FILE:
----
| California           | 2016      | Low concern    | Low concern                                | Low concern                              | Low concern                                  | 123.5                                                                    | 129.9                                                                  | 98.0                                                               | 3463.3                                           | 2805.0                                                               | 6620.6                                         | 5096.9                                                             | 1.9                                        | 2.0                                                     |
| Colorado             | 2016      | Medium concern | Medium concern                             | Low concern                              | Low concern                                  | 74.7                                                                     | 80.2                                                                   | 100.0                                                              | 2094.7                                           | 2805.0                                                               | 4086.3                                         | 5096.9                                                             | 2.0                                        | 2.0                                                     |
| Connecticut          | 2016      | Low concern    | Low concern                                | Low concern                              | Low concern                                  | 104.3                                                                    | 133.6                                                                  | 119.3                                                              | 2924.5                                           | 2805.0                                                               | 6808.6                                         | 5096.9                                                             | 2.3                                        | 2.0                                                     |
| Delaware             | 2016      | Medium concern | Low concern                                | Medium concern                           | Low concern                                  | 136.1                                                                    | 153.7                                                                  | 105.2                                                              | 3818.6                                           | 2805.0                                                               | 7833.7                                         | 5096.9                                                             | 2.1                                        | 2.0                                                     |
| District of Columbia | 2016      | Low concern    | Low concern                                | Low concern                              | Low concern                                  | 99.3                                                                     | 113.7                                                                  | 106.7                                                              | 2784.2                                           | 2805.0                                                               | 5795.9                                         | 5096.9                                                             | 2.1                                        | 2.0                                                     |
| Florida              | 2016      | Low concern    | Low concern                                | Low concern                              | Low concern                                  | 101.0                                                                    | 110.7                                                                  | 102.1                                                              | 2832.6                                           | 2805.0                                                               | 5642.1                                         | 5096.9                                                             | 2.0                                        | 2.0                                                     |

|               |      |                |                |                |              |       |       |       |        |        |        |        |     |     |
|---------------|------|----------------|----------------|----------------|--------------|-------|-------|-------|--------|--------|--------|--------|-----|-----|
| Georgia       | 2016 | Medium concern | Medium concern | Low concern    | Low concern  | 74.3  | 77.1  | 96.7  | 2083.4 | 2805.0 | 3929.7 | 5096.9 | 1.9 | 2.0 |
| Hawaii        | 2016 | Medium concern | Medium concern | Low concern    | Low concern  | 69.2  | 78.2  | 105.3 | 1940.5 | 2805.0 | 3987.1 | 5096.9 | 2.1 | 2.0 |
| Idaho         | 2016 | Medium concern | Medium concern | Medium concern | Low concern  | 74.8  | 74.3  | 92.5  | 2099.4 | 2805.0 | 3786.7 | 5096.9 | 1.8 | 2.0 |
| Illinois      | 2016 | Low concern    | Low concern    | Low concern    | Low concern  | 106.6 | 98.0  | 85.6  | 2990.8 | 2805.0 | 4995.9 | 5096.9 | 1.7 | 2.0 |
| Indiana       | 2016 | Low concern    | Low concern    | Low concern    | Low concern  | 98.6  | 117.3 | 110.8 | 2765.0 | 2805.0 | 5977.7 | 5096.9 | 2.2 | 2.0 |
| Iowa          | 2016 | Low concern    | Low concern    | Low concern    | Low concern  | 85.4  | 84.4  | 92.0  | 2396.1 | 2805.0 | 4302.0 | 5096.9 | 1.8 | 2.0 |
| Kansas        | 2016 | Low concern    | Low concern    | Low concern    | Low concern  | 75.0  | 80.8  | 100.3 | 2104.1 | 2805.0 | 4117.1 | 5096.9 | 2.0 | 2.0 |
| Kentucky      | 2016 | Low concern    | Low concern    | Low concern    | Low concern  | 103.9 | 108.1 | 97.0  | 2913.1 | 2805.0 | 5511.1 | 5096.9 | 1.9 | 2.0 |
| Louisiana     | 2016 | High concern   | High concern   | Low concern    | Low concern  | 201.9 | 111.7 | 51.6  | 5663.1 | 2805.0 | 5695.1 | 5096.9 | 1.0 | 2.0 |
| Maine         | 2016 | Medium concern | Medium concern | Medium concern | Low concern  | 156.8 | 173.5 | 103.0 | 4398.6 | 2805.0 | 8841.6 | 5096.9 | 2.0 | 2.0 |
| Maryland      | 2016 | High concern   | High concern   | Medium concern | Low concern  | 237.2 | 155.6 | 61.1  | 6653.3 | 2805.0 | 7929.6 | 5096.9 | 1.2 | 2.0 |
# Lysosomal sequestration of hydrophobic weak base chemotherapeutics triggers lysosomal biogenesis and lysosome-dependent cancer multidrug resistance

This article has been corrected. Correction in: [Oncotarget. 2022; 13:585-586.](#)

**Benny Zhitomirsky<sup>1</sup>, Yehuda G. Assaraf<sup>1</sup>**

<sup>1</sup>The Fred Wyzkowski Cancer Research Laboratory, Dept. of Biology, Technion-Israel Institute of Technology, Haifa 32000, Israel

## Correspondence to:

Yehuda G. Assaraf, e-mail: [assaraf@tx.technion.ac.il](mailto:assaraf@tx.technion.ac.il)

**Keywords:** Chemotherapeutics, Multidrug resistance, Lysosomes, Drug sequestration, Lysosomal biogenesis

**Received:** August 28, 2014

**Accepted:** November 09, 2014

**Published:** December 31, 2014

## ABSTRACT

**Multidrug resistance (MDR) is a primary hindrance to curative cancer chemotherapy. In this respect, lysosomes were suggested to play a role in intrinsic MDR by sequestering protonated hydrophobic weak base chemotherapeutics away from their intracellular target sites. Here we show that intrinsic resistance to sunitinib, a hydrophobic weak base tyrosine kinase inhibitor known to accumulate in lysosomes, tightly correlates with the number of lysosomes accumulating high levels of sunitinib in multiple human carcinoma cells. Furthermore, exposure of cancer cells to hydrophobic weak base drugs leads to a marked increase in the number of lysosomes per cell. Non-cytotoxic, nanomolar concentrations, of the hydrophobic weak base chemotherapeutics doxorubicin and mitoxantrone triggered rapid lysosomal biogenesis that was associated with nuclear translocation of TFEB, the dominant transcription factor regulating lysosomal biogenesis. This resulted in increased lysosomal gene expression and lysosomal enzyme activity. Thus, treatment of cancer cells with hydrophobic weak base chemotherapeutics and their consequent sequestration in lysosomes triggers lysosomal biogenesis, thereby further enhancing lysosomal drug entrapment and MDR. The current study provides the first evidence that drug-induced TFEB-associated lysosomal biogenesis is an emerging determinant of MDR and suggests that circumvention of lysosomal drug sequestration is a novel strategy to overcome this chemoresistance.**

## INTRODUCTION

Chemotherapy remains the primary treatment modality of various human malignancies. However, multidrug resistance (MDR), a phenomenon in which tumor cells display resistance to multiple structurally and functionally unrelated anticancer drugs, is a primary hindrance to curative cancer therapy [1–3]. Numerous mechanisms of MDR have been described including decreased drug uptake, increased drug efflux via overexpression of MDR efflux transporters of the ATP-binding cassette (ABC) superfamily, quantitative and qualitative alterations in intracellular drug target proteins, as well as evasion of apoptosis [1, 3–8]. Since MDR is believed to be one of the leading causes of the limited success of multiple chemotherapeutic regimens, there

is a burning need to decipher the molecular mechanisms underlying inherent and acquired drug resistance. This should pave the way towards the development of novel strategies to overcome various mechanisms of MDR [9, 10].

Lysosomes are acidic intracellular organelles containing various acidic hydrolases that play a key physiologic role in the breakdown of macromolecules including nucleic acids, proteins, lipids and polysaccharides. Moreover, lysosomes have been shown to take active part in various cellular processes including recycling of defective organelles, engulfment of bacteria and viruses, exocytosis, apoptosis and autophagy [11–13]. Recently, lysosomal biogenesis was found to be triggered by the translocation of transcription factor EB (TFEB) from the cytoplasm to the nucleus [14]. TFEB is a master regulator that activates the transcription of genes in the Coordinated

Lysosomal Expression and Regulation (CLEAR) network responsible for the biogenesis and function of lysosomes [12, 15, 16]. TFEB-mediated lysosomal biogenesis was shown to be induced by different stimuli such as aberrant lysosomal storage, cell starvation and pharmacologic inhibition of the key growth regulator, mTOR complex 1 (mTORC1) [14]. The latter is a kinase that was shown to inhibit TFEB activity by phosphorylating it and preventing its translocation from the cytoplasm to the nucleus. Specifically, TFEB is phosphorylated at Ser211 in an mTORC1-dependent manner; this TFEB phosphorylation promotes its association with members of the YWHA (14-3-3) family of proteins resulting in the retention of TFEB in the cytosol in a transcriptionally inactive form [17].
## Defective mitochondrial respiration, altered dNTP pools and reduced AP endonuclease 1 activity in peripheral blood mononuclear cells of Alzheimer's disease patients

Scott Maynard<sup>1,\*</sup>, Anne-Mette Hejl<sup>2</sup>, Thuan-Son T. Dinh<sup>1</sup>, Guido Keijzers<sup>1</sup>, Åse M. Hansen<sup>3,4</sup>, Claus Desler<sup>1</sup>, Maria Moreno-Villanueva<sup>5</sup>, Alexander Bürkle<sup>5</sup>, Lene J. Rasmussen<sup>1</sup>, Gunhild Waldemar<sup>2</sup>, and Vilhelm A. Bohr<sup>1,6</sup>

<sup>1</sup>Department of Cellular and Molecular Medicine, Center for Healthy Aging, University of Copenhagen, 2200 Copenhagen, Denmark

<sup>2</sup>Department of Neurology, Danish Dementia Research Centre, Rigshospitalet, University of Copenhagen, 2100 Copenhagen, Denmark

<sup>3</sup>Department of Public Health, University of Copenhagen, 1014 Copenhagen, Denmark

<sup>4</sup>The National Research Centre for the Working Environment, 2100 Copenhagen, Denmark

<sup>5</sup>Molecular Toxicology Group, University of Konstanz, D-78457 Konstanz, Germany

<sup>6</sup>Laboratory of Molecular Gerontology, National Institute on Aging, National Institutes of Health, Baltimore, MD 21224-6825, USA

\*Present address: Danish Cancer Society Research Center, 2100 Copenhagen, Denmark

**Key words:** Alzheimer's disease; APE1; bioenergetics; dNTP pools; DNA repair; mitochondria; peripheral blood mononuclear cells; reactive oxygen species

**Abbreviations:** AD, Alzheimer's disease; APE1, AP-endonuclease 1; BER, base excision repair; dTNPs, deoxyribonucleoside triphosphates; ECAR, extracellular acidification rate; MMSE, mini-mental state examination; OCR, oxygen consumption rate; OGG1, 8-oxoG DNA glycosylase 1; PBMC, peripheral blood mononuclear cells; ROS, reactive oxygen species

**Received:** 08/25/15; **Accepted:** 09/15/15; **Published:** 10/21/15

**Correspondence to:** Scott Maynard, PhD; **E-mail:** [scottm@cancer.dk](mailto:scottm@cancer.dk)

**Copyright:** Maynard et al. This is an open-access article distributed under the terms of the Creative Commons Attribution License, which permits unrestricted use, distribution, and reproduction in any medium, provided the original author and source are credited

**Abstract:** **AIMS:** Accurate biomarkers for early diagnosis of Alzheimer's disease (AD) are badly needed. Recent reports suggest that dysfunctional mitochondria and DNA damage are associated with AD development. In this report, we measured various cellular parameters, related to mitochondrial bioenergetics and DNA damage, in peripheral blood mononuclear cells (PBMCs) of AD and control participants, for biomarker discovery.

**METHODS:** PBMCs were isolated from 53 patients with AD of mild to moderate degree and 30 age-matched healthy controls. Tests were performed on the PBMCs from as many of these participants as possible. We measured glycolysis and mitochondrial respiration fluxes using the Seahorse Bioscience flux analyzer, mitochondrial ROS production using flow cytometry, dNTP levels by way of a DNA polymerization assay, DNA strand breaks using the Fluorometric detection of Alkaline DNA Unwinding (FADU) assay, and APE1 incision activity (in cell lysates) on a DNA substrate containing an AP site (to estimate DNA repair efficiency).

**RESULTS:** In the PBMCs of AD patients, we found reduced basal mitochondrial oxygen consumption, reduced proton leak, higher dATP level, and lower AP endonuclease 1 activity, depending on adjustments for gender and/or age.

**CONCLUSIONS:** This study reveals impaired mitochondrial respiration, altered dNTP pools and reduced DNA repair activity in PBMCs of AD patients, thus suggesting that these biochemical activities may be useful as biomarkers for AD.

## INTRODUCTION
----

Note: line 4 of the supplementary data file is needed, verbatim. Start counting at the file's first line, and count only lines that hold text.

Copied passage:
| Delaware             | 2016      | Medium concern | Low concern                                | Medium concern                           | Low concern                                  | 136.1                                                                    | 153.7                                                                  | 105.2                                                              | 3818.6                                           | 2805.0                                                               | 7833.7                                         | 5096.9                                                             | 2.1                                        | 2.0                                                     |